Preface 1. Intentional Structure of the Romantic Image 2. The Image of Rousseau in the Poetry of Holderlin 3. Wordsworth and Holderlin 4. Autobiography As De-Facement 5. Wordsworth and the Victorians 6. Shelley Disfigured 7. Symbolic Landscape in Wordsworth and Yeats 8. Image and Emblem in Yeats 9. Anthropomorphism and Trope in the Lyric 10. Aesthetic Formalization: Kleist's Uber das Marionettentheater Notes Bibliography for Essay 8 Notes on Permissions Index
Reading Paul de Man taught a generation of American critics what critical readings might mean. His philosophic reach, his self-critical scruple, and his inventive verbal precision combined to form an inimitable but deeply influential style. This collection holds special interest for its long, chronological range...The praise that de Man granted Yeats applies equally to his own work: it constantly warns against the danger of unwarranted hopeful solutions. -- Jonathan Arac Like de Man's other works, The Rhetoric of Romanticism -- demaning and authoritative -- will trouble and stimulate literary criticism, but it is engaging in an unexpected way...a challenging and historic book. -- Jonathan Culler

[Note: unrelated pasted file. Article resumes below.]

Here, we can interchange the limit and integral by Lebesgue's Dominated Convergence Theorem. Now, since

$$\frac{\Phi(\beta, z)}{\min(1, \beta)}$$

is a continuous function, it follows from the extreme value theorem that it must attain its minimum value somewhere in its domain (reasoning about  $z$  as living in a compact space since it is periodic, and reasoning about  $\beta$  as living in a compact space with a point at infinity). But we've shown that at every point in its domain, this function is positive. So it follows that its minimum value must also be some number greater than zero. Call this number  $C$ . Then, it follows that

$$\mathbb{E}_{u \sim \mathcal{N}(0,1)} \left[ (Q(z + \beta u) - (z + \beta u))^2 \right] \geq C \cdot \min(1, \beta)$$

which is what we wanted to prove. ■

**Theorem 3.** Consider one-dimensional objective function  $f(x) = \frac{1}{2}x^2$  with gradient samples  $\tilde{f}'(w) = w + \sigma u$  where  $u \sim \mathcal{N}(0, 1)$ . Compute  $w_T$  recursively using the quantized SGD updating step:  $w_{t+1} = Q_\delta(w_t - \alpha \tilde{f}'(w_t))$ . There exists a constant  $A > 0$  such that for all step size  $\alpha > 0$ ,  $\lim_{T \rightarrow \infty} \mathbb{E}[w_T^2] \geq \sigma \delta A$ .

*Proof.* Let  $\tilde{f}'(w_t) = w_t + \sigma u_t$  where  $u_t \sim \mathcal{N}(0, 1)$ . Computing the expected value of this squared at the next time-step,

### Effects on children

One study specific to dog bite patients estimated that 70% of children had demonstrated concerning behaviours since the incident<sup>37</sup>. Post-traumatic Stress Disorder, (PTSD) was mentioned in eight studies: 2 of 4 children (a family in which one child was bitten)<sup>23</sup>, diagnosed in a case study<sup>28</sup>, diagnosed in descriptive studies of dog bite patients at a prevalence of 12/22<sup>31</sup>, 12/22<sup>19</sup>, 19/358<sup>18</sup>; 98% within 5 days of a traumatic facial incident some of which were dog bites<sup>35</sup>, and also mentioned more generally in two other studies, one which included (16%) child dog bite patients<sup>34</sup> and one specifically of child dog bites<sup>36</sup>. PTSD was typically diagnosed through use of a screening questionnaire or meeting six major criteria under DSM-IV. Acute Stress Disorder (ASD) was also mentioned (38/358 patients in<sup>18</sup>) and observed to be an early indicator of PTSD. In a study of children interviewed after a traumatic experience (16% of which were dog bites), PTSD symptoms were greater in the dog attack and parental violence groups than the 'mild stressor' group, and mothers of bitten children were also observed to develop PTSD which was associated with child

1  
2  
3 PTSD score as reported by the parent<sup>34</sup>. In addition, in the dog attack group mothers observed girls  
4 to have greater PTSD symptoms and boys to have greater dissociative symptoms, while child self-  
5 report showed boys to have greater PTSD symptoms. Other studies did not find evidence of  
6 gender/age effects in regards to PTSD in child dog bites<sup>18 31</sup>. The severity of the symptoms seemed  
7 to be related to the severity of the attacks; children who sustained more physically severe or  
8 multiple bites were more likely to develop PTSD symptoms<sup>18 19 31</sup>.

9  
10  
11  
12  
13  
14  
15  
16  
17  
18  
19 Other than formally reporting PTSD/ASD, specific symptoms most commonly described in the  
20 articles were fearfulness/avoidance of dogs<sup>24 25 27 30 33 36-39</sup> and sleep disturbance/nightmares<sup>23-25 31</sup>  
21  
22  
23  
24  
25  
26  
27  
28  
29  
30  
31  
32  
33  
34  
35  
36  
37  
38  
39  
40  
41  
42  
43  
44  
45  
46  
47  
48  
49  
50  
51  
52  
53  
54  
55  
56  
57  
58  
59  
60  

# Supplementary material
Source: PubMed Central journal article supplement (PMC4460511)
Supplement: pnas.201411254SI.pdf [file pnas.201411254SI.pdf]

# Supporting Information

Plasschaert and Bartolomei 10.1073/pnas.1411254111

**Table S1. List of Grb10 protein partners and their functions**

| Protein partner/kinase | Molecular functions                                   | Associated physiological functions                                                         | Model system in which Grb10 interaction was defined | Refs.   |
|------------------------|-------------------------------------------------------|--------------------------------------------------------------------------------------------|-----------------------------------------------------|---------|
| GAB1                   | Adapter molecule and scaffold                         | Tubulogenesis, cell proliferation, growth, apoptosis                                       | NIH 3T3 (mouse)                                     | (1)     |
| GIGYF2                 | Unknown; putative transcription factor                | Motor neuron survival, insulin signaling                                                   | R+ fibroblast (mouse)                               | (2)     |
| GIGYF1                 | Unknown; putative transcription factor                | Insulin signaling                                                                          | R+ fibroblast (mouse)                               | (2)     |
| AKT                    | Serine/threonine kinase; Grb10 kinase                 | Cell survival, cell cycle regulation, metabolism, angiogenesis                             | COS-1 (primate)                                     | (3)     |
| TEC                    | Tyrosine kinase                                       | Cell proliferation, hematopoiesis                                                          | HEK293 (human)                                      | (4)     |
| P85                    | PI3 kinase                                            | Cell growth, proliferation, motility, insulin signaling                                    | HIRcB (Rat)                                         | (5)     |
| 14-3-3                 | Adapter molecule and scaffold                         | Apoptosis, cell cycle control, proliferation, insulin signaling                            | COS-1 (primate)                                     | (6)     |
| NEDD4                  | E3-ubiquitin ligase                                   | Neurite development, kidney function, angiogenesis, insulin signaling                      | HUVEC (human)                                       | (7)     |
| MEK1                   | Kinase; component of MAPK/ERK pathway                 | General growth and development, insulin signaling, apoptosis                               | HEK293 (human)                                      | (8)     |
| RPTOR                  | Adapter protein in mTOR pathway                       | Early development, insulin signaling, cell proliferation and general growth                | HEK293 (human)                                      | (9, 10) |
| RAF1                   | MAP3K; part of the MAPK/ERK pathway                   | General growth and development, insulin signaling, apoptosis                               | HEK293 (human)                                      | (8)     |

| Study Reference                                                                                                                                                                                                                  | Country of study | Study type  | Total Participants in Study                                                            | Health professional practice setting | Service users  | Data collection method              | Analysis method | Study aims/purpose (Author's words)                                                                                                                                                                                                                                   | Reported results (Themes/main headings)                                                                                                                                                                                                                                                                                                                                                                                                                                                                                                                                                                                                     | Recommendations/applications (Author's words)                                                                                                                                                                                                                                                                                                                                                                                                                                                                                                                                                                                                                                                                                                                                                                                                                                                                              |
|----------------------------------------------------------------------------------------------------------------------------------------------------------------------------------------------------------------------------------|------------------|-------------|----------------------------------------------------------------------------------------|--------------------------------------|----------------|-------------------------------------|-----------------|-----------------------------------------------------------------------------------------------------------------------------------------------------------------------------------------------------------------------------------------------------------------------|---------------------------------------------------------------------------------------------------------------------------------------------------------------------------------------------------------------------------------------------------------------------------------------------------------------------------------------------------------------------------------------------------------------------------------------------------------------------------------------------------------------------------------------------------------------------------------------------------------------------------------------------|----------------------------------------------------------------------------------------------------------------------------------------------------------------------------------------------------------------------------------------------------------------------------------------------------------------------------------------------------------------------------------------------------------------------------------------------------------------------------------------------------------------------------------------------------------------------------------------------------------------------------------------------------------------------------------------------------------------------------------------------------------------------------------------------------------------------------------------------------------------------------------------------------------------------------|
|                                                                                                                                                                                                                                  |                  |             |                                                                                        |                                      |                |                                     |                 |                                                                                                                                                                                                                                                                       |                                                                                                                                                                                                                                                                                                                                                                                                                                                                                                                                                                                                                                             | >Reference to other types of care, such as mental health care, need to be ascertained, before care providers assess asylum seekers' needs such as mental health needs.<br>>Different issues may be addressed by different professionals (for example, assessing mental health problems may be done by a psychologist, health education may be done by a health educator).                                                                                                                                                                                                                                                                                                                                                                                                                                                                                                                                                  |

The late Paul de Man was Sterling Professor of French and Comparative Literature at Yale University.
[The Rhetoric of Romanticism] shows us how the narrative of a 500-line poem can contain more cliff-hanging suspense, more sudden alternation of vision and concealment, than a thousand pages of commonplace romantic adventures. -- Northrop Frye, Times Literary Supplement DeMan's legacy is an intellectual style of remarkable purity...a style marked by didactic fervour, whose undertow takes us into strange seas of thought, but it remains analytic and prosaic, with a minimum of semiotic play, and no mixing by montage of fiction and criticism. London Review of Books